explained. To make sure my grandfather understood the importance of her
instructions, Grandmother added one last note. ‘‘If this turkey goes dry, your
goose is cooked.’’
We all knew Grandmother was not joking. She never joked
about her cooking. Martha Stewart could learn a thing or two about culinary
etiquette from my grandmother.
To be brutally honest about the whole incident, it was
not my grandfather’s fault that the meeting at the church lasted as long as it
did. Everyone knows church committee meetings sometimes have a life of their own
and can go on for days.
During the first hour of his vigil, my grandfather did
everything my grandmother instructed him to do. However, it was cold outside and
the old fashioned wood stove in the room off the kitchen spread a warm blanket
throughout the house, creating a drowsy ambience. Anyone in the same situation
would have done the same thing my grandfather did.
He fell asleep.
Grandmother’s Thanksgiving turkey not only went dry, it
shriveled to a dark black lump.
The excited voice of my grandmother shrieking aroused my
grandfather from his slumber. ‘‘Oh, Jim, the turkey, the turkey!’’ Although
groggy, Grandfather knew his goose was cooked — and nobody cooked goose like my
How well I remember that Thanksgiving. Although a smaller
turkey than usual, my grandmother had more than enough gravy to go around. One
strange thing about that Thanksgiving that has lingered in my mind all these
years was that my grandfather did not eat any turkey.
When the turkey plate came his way, he quickly glanced at
my grandmother and said with a familiar laugh, ‘‘Oh, I couldn’t eat another
bite.’’ Then he passed the plate.
Then with a chuckle in his voice, he said something I did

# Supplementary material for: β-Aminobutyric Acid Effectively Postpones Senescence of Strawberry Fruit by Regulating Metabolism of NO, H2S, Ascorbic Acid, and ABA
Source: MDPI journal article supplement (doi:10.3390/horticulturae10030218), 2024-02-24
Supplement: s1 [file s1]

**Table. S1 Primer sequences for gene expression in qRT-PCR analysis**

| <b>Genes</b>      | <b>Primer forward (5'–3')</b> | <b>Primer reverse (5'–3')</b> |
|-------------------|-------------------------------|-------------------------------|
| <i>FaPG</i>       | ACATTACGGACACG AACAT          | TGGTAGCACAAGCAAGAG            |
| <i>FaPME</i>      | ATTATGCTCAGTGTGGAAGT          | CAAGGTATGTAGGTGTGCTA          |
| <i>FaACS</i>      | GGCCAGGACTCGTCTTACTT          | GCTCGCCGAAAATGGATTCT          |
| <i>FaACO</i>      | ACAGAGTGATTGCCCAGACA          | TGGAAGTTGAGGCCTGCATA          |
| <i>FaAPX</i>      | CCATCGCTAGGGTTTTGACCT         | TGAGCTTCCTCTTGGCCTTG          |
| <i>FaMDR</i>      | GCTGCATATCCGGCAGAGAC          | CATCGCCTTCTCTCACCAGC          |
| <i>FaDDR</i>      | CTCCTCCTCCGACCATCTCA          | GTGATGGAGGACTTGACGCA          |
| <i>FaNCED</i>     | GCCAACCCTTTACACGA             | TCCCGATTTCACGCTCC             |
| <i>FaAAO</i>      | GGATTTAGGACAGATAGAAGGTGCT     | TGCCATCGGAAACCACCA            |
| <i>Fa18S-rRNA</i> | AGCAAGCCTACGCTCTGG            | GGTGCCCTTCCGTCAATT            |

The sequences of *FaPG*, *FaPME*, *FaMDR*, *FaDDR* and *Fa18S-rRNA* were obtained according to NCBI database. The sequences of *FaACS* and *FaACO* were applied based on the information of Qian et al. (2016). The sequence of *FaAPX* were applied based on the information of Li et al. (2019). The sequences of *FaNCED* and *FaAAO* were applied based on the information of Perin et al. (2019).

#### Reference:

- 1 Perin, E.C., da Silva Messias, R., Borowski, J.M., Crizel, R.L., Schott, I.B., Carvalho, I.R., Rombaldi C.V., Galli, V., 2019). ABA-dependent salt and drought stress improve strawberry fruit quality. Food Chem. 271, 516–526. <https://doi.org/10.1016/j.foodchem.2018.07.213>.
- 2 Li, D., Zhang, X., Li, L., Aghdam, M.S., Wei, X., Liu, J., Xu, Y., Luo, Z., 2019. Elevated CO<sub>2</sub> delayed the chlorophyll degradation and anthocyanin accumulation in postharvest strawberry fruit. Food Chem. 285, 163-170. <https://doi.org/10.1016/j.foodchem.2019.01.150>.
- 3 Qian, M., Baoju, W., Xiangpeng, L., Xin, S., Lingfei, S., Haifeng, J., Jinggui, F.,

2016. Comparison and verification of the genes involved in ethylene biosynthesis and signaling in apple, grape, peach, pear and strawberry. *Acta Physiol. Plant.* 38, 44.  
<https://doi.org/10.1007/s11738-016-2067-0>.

not quite understand at the time.
‘‘Some folks make too much fuss over the turkey and not
enough on the gravy.’’
Turning to my grandmother, he continued. ‘‘Mary, this has
to be the best gravy you’ve ever made.’’ My grandmother smiled one of her
maternal smiles and everyone went back to the business of the day.
I learned that day that there is a danger in making too
much of the turkey, and not enough of the gravy in life.
The Bible puts it this way; ‘‘For ye see your calling,
brethren, how that not many wise men after the flesh, not many mighty, not many
noble, are called: ‘‘But God hath chosen the foolish things of the world to
confound the wise; and God hath chosen the weak things of the world to confound
the things which are mighty; And base things of the world, and things which are
despised, hath God chosen, yea, and things which are not, to bring to naught
things that are: That no flesh should glory in his presence.’’ (1 Corinthians
Like gravy, many things we overlook
and consider insignificant God uses for His glory.
The Rev. James L. Snyder is pastor of the
Family of God Fellowship, 1471 Pine Road, Ocala, Florida. His
e-mail address is
firstname.lastname@example.org. The church web site is www.whatafellowship.com.
Rev. Snyder’s new book, You Can Always Tell A
Pastor (But Not Very Much), is available. Rev. Snyder is host to the
weekly radio program, Sunday Joy, each Sunday at 9:30 a.m. on WOCA, 1370